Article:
Side Two starts with two strong album songs (though some people feel they’re weaker than the ones on Side One), and closes with three singles. By 1968, artists had generally moved away from padding albums out with singles.

I also feel the album would’ve had a stronger closing, with a true sense that this is The End, had the final two tracks been switched. “At the Zoo” is fun and whimsical, but it’s not the kind of track I expect such a good album to close with. It’s just kind of there. “A Hazy Shade of Winter” feels more final.

Bookends was so successful, its volume of advance orders enabled Columbia Records to apply for award certification before the LPs had left the warehouse. Its success was due in part to the release, 10 weeks earlier, of The Graduate soundtrack, and because it came in the immediate wake of MLK’s assassination.

Columbia chairman Clive Davis wanted to raise the price to $5.79 ($41 in 2017), a dollar above normal retail, but Paul Simon dug in his heels and refused. Instead, the duo signed a contract extension with a higher royalty rate.

Though my favorite S&G album is Parsley, Sage, Rosemary, and Thyme (which was almost the third-last album I heard in this lifetime), I think Bookends ties with Wednesday Morning, 3 A.M. as my next-fave. My favorite tracks are “A Hazy Shade of Winter,” “Old Friends,” “America,” “Fakin’ It,” and “Bookends Theme.” It’s a beautiful musical portrait of 1968, an album I highly recommend.

Happy 50th birthday, BB&M!

Image used solely to illustrate the subject for the purpose of an album review, and consistent with Fair Use Doctrine

Released 22 April 1968, The Birds, the Bees, & The Monkees was The Monkees’ fifth studio album, and their first to not reach #1. It reached #3 in the U.S., #5 in Australia, #6 in Canada, #8 in Finland, #28 in the two Germanies, and #44 in Japan. The album failed to chart at all in the U.K.

This album came at a very difficult crossroads in the band’s career. Their awesome TV show had been cancelled (the last episode aired 25 March 1968); their trippy movie Head was a box office flop; and the bulk of their fanbase were starting to move on to other music.

Track listing of the most widely-available remastering, with stars by bonus tracks:

“Dream World” (written by Davy and Steve Pitts)
“Auntie’s Municipal Court” (Nez and Keith Allison; an unusual example of Micky singing lead on a Nez song)
“We Were Made for Each Other” (Carole Bayer and George Fischoff)
“Tapioca Tundra” (Nez) (#34 in the U.S.)
“Daydream Believer” (John Stewart) (#1 in the U.S.; #5 in the U.K.)
“Writing Wrongs” (Nez)
“I’ll Be Back Up on My Feet” (Sandy Linzer and Denny Randell)
“The Poster” (Davy and Steve Pitts)
“P.O. Box 9847” (Tommy Boyce and Bobby Hart)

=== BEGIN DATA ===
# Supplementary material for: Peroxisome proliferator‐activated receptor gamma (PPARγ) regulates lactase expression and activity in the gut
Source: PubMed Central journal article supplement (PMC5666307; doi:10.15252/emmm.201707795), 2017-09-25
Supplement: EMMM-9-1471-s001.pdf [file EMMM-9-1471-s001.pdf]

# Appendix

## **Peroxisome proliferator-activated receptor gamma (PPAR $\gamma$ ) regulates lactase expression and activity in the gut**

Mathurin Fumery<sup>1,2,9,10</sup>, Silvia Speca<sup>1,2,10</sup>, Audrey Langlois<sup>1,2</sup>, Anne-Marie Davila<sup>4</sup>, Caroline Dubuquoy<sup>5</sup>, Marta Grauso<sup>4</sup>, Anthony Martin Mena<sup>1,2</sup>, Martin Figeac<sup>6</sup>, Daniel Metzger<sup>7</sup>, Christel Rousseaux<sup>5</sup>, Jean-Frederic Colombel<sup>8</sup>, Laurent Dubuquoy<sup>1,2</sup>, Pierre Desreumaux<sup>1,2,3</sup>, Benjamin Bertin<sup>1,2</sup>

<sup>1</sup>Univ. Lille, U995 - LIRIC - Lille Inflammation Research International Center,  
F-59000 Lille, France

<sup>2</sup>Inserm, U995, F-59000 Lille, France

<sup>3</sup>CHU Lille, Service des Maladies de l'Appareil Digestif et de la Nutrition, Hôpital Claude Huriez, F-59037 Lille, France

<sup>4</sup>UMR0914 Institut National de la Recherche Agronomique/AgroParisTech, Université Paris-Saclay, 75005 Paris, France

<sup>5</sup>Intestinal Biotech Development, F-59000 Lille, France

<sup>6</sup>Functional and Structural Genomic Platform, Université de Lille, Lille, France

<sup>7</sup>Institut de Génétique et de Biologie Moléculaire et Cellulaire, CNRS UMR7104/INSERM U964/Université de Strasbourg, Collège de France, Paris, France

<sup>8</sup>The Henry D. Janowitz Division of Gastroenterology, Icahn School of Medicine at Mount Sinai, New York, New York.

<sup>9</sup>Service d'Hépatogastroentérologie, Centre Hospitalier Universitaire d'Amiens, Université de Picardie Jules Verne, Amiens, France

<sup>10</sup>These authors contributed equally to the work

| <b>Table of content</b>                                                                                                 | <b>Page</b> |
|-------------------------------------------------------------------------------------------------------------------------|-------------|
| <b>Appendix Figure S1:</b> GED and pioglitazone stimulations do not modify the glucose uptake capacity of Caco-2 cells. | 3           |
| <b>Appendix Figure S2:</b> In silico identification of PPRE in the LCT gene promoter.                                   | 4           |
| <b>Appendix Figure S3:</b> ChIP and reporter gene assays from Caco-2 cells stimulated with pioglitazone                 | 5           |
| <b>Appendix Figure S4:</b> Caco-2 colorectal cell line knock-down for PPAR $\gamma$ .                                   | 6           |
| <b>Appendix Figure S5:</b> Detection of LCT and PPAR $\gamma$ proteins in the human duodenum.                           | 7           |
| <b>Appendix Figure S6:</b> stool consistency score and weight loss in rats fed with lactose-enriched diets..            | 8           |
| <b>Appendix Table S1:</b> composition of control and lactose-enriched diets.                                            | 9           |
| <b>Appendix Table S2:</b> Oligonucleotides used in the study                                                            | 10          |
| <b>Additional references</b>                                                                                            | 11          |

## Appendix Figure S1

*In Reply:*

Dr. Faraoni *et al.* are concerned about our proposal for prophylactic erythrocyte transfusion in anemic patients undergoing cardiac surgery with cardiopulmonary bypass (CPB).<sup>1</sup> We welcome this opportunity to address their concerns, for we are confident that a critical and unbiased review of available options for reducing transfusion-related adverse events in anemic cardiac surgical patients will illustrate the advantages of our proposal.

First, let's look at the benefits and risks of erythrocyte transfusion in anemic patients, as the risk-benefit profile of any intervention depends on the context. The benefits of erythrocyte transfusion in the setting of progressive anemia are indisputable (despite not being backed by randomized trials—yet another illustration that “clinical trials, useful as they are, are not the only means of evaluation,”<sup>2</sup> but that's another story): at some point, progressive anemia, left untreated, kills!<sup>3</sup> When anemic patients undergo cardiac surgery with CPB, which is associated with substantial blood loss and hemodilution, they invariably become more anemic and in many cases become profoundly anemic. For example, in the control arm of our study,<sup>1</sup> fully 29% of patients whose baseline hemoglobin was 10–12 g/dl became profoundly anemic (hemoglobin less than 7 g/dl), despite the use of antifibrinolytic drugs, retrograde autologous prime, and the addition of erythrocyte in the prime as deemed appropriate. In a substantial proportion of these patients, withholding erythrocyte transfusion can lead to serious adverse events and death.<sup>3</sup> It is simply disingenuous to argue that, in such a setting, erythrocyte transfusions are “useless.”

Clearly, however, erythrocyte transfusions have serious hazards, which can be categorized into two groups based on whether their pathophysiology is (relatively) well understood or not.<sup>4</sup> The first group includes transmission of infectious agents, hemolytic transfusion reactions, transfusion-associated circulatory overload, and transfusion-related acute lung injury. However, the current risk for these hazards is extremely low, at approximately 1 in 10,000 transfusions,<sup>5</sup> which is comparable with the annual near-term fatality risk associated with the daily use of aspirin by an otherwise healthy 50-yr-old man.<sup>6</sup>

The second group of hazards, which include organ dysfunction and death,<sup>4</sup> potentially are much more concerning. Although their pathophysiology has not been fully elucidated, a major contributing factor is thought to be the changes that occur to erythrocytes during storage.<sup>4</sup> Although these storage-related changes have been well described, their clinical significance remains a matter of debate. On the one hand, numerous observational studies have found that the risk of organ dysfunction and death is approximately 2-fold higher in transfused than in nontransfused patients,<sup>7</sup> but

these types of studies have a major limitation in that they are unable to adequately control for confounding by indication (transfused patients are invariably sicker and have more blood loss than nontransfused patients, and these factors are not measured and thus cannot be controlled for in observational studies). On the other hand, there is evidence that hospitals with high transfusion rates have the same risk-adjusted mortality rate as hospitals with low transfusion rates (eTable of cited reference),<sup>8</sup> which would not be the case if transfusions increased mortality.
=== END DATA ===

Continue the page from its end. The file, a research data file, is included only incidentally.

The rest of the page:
“Magnolia Simms” (Nez)
“Valleri” (Boyce and Hart) (#3 in the U.S.; #12 in the U.K.)
“Zor and Zam” (Bill and John Chadwick)
“Alvin” (Nicholas Thorkelson)*
“I’m Gonna Try” (Davy and Steve Pitts)*
“P.O. Box 9847” (Early Mix)*
“The Girl I Left Behind Me” (Neil Sedaka and Carole Bayer)*
“Lady’s Baby” (Peter)*

I have a 1996 vinyl reissue with two bonus tracks, “I’m Gonna Try” and an alternate mix of “P.O. Box 9847.” It was sealed, but I had to open it. I normally don’t buy sealed editions, but that was the one and only copy in stock at either branch of Last Vestige Records. This was also 2003, so it wasn’t that old. I never would’ve opened a sealed LP of very old vintage. The plastic wrap is still loose around it.

In 2010, Rhino released a deluxe 3-CD edition, available only online from their website. As far as I can determine, it’s no longer for sale through Rhino, though one can find it through third-party sellers on sites like Amazon and e-Bay (for quite a steep price). This boxed set has the original album in both stereo and mono, along with over 60 bonus tracks, an essay booklet, and a commemorative pin.

My favourite tracks are “Writing Wrongs,” “Tapioca Tundra,” “I’ll Be Back Up on My Feet,” and “Zor and Zam.” The lattermost appears in the final episode of The Monkees, and the end never fails to give me goosebumps. I won’t spoil it for those who haven’t heard it. “Zor and Zam” is also powerful evidence for Micky as one of rock’s most underrated male vocalists.

A lot of people trash “Writing Wrongs” as one of the band’s worst songs, but I absolutely adore how trippy and out there it is. The comparison to The Beatles’ “Revolution No. 9” is very apt. Many people hate that song too, but I’ve listened to it on repeat many times. You either love or hate it.

BB&M is often called The Monkees’ White Album, with each Monkee doing songs in his own respective style, a band album that’s more like a solo showcase for each. While I’d rate this album 5 stars without contest, I can see how it might not be the most ideal album for a potential new fan. It’s more of an album to save for after one’s fandom is stronger and more established.